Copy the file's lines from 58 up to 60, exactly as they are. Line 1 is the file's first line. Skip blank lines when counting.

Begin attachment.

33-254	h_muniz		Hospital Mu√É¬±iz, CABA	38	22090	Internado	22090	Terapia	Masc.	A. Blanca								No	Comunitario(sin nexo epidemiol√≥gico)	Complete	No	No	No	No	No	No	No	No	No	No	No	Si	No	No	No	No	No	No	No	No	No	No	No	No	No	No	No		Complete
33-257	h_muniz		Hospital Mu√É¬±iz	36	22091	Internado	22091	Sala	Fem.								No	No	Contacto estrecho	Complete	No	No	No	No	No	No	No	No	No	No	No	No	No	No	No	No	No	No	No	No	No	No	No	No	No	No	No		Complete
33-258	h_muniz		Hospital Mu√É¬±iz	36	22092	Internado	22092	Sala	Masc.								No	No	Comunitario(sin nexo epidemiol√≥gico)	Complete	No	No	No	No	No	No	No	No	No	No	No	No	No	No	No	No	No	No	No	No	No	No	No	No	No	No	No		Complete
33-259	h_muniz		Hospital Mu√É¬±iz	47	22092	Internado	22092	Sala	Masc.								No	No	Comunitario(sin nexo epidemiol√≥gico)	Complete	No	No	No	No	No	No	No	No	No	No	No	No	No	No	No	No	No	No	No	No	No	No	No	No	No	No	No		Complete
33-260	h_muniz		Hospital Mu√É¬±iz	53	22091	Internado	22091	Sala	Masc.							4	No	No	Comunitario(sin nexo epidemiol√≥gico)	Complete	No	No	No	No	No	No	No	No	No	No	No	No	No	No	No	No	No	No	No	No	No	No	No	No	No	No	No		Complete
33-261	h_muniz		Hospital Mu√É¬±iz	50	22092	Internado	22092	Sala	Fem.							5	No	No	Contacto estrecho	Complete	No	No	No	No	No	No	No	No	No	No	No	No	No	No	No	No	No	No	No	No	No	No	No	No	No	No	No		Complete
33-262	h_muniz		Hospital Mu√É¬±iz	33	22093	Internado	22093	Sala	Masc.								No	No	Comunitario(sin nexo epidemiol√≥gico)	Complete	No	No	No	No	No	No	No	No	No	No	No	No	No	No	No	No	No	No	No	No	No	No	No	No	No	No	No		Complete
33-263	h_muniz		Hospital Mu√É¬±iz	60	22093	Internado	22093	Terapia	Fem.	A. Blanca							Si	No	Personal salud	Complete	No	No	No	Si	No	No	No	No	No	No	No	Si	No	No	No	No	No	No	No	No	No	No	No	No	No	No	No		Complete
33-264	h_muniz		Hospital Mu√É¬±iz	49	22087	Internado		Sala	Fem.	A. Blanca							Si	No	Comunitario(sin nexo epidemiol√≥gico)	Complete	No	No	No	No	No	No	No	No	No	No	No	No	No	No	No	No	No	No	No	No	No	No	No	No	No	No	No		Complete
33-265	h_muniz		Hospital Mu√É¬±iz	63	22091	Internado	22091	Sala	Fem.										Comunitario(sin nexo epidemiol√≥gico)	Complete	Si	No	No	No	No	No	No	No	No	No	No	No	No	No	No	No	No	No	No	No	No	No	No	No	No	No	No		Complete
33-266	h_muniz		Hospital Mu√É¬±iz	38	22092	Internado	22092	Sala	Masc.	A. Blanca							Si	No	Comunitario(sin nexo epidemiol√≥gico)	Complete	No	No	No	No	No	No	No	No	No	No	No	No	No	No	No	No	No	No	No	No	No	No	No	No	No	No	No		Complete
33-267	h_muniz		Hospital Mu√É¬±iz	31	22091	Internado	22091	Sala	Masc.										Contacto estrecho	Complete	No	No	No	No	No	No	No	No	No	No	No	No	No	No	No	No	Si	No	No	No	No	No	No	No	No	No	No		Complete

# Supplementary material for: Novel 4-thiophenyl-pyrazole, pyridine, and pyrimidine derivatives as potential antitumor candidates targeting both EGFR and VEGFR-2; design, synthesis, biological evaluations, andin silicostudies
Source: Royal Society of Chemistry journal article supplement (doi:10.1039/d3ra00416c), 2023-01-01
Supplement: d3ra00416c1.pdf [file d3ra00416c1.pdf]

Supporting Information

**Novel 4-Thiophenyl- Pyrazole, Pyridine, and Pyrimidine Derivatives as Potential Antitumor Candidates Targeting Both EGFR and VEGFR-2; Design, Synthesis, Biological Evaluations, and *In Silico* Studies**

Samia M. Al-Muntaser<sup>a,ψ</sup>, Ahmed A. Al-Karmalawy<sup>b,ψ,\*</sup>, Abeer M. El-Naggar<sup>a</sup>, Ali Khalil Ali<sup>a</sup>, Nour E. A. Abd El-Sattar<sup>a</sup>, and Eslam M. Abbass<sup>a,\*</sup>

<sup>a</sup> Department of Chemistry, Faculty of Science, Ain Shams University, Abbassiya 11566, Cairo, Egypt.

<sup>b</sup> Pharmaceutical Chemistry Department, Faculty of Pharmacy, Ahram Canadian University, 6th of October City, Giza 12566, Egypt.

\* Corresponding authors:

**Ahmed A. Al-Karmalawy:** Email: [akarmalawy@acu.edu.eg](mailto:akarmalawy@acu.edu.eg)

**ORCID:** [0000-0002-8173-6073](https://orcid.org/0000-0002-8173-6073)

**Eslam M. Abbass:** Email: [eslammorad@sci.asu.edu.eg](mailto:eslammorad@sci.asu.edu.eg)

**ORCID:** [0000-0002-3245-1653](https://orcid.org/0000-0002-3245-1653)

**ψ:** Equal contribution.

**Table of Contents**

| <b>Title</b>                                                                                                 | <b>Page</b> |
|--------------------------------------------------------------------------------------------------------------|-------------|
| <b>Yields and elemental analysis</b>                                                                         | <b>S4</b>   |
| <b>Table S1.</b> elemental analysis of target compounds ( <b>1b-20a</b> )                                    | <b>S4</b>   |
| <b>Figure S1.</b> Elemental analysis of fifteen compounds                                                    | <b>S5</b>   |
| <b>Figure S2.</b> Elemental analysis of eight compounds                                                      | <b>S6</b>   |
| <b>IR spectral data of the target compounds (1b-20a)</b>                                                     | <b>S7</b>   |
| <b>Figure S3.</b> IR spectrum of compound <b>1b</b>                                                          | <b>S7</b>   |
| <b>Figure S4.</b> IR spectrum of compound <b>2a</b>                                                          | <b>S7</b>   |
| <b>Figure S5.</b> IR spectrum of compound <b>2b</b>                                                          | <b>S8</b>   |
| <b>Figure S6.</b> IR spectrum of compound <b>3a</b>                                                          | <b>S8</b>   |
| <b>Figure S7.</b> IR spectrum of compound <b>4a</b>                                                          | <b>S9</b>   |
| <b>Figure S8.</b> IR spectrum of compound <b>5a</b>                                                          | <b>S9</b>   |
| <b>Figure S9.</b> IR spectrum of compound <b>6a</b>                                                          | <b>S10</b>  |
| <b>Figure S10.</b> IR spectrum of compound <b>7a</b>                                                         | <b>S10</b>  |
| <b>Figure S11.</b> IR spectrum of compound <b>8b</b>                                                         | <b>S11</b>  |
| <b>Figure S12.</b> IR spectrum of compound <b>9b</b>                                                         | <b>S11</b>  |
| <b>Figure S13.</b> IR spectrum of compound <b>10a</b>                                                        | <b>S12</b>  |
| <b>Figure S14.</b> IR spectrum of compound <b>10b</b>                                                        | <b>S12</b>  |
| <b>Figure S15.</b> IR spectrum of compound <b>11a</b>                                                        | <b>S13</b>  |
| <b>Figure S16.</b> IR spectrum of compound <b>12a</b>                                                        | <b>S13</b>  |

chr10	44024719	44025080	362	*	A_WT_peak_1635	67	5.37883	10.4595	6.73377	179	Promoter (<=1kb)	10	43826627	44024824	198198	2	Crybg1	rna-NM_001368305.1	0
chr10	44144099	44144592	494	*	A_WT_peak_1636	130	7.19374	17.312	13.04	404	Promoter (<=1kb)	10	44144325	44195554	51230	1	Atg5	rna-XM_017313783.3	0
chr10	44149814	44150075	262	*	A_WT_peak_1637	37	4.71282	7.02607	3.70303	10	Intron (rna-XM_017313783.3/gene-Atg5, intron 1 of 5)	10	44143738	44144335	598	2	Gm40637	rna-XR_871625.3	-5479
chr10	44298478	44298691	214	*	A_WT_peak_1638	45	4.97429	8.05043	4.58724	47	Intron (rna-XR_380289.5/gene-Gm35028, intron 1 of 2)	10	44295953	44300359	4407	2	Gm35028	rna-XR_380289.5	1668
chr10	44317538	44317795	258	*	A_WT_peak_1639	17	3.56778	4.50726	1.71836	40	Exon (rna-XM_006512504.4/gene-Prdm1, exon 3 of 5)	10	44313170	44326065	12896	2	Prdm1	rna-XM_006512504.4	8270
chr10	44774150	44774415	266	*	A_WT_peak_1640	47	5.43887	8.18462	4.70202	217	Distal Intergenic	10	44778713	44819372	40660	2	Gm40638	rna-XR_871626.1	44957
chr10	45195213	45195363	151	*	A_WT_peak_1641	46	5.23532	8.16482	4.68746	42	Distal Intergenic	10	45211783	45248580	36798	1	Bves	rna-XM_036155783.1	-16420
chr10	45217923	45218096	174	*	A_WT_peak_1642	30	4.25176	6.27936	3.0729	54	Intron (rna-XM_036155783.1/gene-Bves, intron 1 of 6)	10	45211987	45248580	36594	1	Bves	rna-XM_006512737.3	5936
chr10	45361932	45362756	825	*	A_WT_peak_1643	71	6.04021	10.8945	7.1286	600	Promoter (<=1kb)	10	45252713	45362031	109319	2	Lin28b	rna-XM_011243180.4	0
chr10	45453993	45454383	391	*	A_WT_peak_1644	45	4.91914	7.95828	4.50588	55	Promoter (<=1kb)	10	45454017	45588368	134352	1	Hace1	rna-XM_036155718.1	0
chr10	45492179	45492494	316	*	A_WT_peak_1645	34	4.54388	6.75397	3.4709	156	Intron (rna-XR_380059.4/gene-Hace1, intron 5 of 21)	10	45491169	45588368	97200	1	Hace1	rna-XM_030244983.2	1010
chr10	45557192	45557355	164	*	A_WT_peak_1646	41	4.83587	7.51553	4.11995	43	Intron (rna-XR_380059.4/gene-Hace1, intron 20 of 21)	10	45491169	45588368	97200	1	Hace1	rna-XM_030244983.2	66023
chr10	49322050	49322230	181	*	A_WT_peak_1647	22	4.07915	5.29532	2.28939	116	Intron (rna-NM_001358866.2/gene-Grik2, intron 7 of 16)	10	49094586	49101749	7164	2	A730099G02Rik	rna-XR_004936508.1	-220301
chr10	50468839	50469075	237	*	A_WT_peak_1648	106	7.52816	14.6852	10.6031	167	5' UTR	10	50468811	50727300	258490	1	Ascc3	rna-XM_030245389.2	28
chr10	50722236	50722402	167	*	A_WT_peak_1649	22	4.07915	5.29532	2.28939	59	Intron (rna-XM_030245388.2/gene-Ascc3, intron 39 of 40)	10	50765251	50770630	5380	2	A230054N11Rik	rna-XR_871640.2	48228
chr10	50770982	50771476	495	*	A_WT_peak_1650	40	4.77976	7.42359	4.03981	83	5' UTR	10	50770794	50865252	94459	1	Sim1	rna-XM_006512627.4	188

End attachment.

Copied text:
chr10	45453993	45454383	391	*	A_WT_peak_1644	45	4.91914	7.95828	4.50588	55	Promoter (<=1kb)	10	45454017	45588368	134352	1	Hace1	rna-XM_036155718.1	0
chr10	45492179	45492494	316	*	A_WT_peak_1645	34	4.54388	6.75397	3.4709	156	Intron (rna-XR_380059.4/gene-Hace1, intron 5 of 21)	10	45491169	45588368	97200	1	Hace1	rna-XM_030244983.2	1010
chr10	45557192	45557355	164	*	A_WT_peak_1646	41	4.83587	7.51553	4.11995	43	Intron (rna-XR_380059.4/gene-Hace1, intron 20 of 21)	10	45491169	45588368	97200	1	Hace1	rna-XM_030244983.2	66023